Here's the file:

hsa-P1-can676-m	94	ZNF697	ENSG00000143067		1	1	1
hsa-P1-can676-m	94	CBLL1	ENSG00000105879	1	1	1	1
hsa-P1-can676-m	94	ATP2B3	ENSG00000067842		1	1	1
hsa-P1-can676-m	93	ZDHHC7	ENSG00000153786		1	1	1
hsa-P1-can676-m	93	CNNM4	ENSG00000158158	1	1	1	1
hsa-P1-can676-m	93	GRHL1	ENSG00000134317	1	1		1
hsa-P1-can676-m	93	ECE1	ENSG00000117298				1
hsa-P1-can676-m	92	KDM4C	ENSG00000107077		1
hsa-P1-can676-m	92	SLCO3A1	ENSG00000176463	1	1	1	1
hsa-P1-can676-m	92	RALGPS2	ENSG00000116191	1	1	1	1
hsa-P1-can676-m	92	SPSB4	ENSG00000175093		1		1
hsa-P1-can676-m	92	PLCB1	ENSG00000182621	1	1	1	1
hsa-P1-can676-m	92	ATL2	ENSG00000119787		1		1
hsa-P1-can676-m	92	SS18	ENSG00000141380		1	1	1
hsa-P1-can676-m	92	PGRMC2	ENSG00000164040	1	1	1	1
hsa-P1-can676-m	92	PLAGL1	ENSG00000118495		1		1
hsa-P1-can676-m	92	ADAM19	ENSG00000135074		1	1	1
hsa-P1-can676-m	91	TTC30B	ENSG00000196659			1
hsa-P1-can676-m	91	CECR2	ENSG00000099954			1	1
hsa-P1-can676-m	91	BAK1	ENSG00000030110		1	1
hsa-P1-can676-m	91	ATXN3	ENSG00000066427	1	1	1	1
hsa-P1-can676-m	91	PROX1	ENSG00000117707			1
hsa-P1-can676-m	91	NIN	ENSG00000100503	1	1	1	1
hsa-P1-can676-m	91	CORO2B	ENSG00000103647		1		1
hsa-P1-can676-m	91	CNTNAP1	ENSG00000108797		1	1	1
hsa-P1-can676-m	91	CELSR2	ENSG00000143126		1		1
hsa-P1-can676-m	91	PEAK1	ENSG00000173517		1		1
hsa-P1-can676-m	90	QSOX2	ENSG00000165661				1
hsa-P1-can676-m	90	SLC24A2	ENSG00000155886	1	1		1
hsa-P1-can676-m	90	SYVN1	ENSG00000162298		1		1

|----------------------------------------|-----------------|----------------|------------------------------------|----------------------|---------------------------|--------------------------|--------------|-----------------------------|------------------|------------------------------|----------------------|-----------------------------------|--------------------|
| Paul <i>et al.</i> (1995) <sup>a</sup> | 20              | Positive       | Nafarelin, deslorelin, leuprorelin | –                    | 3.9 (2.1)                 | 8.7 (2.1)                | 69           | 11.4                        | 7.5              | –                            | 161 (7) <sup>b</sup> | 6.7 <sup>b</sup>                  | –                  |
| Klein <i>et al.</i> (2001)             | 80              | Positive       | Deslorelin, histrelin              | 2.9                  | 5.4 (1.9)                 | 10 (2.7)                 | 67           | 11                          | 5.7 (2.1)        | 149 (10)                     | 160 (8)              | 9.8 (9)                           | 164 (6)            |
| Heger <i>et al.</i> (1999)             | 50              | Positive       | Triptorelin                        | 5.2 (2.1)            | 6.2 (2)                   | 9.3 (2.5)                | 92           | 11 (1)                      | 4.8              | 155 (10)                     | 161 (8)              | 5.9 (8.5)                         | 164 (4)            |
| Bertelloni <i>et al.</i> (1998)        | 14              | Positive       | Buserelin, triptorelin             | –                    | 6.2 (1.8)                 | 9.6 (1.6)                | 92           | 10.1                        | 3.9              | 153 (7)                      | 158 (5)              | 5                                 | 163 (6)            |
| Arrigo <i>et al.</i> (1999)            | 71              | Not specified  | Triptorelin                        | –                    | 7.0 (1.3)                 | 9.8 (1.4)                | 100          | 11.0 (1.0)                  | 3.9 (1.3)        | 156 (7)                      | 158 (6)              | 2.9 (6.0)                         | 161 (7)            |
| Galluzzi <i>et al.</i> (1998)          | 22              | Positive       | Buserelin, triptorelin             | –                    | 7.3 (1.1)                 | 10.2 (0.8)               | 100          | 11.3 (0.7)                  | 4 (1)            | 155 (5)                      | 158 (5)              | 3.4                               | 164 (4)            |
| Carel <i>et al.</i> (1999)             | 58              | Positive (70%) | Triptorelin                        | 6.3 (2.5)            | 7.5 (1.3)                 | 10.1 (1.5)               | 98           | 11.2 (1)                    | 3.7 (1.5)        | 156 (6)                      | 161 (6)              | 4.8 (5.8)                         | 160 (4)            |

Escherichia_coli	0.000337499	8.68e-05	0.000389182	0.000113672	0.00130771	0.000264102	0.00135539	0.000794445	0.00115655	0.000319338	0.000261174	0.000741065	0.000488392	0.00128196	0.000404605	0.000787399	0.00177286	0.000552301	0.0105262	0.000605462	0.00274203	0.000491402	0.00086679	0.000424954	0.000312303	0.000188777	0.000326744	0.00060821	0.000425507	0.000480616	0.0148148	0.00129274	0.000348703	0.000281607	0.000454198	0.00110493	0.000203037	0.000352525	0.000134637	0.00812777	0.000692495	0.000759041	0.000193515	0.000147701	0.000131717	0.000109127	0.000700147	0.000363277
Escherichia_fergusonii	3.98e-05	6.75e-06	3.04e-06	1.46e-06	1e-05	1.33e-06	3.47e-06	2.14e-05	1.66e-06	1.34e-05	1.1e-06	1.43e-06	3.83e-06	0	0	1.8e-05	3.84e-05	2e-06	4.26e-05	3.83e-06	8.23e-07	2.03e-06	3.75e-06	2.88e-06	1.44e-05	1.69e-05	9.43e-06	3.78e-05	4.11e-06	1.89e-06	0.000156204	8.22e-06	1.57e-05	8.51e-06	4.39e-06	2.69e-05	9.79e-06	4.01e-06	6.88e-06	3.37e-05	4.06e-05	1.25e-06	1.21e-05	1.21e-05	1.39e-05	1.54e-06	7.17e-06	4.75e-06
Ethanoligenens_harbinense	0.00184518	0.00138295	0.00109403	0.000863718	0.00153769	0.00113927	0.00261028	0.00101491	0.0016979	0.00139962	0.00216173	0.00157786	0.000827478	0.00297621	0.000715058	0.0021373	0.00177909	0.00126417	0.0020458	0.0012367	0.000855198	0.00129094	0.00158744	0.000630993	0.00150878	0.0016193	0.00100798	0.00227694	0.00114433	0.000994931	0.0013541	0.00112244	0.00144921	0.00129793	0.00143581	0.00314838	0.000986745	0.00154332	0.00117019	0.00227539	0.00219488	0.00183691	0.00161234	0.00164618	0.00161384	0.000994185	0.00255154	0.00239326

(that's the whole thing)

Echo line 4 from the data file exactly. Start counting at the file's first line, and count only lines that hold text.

hsa-P1-can676-m	93	ZDHHC7	ENSG00000153786		1	1	1